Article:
One reason for the continuing dips in crime, Mr. Kelly has said, is a series of strategic-based initiatives such as Operation Impact, which targets crime areas on a daily basis and floods troubled zones with rookie officers.

Another factor contributing to the overall decrease in crime on New York streets, experts said, is an increase in surveillance activities and self-policing measures on the part of citizens and private companies in recent years. It is no longer uncommon for private companies to "harden targets" as police do by ramping up in-house security, or for small businesses to install surveillance cameras either to nab thieves or to deter them.

According to an unofficial tally of surveillance cameras by the personal-privacy group Surveillance Camera Players, the number of video cameras monitoring public and private spaces around New York has more than tripled in the past five years, to an estimated 7,200 cameras in 2004 from about 2,400 cameras counted by the American Civil Liberties Union in 1999.

Another reason the city's crime figures are so low this year, experts said, could be the numbers themselves. While the city's Compstat system, involving copious collection and comparison of crime data, has created "smarter policing," Mr. Skolnick said, the system can also be manipulated to create favorable statistics. A number of police officers critical of the system, and speaking on the condition of anonymity, said they have felt indirect pressure from precinct captains to "put up good numbers" and often downplay potential felonies, such as downgrading the theft of a wallet with a credit card from grand larceny, a felony, to petty larceny, a misdemeanor. Misdemeanors are not charted on the Compstat system. What's more, looking to push a case quickly through the courts, prosecutors can often "dumb down" felonies into misdemeanors, the officers said.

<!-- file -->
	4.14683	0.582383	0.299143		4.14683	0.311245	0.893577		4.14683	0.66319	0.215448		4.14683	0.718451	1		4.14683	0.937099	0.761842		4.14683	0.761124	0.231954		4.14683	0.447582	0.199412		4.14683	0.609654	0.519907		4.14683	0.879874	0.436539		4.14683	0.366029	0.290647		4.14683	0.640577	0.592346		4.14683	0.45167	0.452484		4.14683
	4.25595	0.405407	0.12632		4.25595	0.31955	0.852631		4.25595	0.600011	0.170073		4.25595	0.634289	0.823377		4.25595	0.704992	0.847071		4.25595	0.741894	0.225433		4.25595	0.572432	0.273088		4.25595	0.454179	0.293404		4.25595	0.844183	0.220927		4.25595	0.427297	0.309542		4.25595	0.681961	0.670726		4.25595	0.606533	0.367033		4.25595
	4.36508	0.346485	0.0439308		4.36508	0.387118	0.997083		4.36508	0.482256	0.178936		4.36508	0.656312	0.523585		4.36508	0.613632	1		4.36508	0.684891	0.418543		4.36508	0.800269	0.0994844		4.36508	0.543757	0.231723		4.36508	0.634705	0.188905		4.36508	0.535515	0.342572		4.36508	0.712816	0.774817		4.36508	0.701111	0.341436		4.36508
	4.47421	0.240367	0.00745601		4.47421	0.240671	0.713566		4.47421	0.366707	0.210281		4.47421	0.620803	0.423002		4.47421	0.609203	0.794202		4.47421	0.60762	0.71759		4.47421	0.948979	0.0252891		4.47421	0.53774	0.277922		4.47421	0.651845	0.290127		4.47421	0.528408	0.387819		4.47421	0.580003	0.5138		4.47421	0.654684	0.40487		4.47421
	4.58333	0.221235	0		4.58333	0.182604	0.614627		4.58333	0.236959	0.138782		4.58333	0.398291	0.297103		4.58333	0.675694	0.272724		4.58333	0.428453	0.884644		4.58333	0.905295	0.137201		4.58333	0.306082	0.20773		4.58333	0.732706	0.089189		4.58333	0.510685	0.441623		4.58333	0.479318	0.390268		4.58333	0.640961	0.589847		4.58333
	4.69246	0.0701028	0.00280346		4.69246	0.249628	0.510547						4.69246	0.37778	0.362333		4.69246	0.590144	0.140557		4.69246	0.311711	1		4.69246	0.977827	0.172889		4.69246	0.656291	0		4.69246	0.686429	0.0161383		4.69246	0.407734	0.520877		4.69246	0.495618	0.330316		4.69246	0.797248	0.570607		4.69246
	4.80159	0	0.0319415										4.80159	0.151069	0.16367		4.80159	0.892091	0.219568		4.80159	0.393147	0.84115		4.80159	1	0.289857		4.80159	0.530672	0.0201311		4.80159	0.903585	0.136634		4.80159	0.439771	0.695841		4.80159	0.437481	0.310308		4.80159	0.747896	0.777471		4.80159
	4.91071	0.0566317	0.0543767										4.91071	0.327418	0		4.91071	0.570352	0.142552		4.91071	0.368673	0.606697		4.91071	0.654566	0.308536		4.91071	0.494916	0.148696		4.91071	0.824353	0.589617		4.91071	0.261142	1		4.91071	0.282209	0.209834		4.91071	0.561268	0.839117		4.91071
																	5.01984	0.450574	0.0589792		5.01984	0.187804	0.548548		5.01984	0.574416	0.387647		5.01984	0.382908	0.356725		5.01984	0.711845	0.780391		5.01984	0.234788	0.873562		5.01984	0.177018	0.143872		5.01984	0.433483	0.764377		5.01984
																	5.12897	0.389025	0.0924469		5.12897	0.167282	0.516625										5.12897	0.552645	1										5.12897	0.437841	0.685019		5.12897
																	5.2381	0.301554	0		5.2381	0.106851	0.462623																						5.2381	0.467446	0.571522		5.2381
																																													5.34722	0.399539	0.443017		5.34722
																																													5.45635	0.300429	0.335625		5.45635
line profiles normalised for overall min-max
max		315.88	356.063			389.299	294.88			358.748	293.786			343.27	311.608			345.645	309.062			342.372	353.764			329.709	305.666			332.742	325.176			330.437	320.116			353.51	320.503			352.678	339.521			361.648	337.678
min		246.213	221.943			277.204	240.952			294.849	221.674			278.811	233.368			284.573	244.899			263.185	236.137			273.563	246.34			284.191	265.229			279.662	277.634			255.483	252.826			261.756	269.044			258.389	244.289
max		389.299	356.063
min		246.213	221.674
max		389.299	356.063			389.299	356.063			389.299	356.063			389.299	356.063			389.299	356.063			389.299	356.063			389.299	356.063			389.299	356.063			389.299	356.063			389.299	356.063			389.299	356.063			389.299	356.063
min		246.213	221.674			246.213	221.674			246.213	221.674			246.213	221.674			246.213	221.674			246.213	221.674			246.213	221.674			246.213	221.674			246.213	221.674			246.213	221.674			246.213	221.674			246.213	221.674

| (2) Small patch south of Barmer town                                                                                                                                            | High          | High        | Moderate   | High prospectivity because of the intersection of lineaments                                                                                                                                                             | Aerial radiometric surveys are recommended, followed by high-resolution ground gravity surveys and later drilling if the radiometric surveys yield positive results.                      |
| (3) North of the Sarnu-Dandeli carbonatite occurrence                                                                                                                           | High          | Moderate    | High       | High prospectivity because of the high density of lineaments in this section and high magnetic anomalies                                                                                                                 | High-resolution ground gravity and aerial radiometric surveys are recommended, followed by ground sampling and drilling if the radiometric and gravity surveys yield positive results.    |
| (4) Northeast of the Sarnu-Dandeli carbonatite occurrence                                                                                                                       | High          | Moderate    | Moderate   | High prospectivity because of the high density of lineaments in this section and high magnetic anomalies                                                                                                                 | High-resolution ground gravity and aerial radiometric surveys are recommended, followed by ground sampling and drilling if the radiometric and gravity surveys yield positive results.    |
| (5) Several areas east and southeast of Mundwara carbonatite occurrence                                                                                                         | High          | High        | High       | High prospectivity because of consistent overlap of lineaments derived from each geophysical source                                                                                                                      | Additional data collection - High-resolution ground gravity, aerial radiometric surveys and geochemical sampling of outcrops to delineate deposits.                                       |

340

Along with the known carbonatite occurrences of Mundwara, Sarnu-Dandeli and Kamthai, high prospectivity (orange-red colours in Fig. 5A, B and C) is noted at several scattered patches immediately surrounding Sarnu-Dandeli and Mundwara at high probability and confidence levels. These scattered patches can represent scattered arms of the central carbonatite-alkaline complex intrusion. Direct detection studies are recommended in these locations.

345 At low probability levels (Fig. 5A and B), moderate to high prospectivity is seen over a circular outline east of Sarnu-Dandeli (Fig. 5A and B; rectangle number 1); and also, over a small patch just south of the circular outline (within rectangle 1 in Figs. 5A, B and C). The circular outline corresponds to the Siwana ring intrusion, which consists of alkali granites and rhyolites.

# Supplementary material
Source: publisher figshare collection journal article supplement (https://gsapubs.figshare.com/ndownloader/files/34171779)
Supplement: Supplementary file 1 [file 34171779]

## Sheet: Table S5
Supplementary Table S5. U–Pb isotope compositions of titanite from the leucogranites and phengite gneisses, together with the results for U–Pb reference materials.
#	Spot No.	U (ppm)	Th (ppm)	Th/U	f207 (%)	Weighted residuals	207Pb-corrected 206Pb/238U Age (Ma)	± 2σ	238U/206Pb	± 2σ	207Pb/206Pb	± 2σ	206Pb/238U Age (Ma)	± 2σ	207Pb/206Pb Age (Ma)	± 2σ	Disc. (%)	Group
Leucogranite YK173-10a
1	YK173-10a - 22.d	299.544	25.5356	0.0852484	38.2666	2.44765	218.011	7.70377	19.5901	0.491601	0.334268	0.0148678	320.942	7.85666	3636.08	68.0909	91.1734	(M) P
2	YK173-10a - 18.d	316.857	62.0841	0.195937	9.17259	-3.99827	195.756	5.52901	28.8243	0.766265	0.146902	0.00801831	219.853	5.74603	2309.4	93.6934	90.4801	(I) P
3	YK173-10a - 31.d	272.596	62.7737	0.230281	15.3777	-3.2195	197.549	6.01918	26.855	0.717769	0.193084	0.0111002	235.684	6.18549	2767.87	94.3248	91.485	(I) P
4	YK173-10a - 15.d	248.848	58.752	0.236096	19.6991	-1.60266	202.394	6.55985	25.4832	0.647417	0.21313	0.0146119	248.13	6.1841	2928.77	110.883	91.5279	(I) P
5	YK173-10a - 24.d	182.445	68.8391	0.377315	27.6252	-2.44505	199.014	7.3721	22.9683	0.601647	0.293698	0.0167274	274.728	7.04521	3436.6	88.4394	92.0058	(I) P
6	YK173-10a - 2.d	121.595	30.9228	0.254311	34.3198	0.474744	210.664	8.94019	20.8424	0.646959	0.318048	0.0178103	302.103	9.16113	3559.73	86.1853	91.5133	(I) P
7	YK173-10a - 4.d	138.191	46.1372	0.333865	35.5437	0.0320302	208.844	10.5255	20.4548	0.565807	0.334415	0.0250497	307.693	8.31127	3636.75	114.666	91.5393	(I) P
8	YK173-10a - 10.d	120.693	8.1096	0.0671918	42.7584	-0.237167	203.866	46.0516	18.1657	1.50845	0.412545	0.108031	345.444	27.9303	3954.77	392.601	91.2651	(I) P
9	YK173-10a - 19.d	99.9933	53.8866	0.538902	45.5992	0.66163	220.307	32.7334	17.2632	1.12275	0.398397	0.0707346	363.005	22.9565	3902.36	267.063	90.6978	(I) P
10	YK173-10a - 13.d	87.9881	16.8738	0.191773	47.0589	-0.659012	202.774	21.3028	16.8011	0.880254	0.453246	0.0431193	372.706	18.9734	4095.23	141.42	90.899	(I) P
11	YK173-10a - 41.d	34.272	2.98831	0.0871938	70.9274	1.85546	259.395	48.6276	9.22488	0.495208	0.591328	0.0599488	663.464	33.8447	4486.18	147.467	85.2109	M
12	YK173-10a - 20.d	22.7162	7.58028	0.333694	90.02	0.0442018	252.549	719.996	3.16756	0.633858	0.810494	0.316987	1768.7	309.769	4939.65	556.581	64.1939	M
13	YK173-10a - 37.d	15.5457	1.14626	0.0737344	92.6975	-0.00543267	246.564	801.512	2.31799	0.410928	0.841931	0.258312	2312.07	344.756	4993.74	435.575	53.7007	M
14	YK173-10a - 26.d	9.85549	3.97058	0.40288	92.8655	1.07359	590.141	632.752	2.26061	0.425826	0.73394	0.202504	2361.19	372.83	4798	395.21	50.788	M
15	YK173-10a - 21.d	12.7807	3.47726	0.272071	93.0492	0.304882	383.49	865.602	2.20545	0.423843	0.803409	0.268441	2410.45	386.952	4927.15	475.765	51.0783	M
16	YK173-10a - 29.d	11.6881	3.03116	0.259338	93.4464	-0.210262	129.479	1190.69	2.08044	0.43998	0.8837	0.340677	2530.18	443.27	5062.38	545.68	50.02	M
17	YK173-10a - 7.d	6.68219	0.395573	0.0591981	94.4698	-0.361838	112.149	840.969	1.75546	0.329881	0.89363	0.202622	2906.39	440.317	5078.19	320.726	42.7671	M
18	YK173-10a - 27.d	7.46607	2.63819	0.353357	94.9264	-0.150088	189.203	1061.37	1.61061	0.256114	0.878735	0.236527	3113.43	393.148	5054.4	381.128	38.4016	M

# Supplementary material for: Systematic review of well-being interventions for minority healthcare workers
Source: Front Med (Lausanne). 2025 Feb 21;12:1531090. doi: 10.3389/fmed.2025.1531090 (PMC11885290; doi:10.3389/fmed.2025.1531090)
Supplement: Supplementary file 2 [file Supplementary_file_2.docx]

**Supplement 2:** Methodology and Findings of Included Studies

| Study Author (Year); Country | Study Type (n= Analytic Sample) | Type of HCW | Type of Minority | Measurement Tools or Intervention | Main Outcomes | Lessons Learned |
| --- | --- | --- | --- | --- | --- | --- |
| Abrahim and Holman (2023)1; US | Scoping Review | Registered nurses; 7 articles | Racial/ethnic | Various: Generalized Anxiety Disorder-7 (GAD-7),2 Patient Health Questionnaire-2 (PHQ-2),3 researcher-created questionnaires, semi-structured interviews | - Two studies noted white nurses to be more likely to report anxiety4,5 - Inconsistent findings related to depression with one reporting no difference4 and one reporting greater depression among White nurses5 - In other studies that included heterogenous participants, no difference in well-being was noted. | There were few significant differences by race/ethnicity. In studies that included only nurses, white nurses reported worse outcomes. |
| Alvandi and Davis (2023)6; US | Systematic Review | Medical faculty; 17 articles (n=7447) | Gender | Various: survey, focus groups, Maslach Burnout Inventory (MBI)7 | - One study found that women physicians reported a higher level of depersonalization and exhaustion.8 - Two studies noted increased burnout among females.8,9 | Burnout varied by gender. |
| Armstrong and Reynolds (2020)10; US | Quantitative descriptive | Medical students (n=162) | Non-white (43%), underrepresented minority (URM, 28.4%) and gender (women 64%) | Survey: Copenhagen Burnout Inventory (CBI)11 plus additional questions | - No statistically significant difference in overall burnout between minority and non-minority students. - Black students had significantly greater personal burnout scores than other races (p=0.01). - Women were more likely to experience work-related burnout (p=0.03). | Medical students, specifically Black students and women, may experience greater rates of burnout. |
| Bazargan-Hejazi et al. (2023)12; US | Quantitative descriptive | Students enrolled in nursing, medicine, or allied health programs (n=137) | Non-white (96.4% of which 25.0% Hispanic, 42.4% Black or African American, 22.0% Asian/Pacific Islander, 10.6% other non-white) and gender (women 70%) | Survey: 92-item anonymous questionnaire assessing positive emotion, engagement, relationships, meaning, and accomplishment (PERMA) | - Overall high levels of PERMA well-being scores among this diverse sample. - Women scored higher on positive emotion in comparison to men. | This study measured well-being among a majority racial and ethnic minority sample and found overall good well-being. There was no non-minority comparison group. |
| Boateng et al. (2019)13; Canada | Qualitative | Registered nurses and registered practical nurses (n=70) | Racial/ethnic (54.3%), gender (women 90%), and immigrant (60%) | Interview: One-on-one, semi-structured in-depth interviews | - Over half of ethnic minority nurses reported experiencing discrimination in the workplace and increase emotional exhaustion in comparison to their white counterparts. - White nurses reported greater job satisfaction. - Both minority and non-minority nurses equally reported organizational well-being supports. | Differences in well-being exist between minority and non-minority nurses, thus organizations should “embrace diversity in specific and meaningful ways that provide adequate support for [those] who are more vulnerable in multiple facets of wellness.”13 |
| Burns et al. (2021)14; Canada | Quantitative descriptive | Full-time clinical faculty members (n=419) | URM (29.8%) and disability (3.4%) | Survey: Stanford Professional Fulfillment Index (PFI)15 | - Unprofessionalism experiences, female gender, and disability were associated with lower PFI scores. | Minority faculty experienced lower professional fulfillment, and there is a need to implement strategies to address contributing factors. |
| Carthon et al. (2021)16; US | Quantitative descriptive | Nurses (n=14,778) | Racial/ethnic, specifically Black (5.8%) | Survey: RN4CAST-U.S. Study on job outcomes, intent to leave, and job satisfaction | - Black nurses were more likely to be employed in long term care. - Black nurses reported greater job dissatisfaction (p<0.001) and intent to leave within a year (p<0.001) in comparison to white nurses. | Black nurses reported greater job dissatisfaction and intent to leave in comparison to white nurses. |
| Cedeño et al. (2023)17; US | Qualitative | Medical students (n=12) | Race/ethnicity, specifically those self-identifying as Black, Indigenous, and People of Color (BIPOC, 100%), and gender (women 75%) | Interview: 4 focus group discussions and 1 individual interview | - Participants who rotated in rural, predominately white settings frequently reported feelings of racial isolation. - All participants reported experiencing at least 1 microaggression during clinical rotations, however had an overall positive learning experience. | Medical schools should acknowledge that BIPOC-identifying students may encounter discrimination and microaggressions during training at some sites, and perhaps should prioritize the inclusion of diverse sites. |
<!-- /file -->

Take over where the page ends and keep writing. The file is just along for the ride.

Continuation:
In a recent television interview, Mr. Kelly defended the accuracy of Compstat, saying, "The numbers are what they are."

Further undermining the reliability of the statistics is the number of crimes that go unreported, chiefly in minority neighborhoods and among undocumented immigrants. The reasons for not reporting crimes, leaders in those neighborhoods said, are distrust of police and fear of deportation.

"In these types of communities, people report crime to each other," the manager of Brooklyn's Community Board 5, Walter Campbell, said. That board covers the East New York, Brownsville, and Cypress Hills sections. Over the past three years, those notoriously dangerous neighborhoods have seen murders drop by more than 12%, and rapes drop by more than 10%.

One reason, according to Richard Curtis, a criminologist at John Jay College of Criminal Justice who lives in Brownsville, may be the addition of units of appealing affordable housing: own-your-own developments where police and local firefighters are often given financial incentives to live.

Despite favorable crime rates, the president of the 22,000-strong Patrolmen's Benevolent Union, Patrick Lynch, said morale among officers "was at an all-time low."

"The city stands on the backs of the officers to tout the reductions of crime, but continues to fight them tooth and nail for a livable wage," Mr. Lynch said this week, referring to a continuing impasse in police contract negotiations with the city, which are in non-binding arbitration.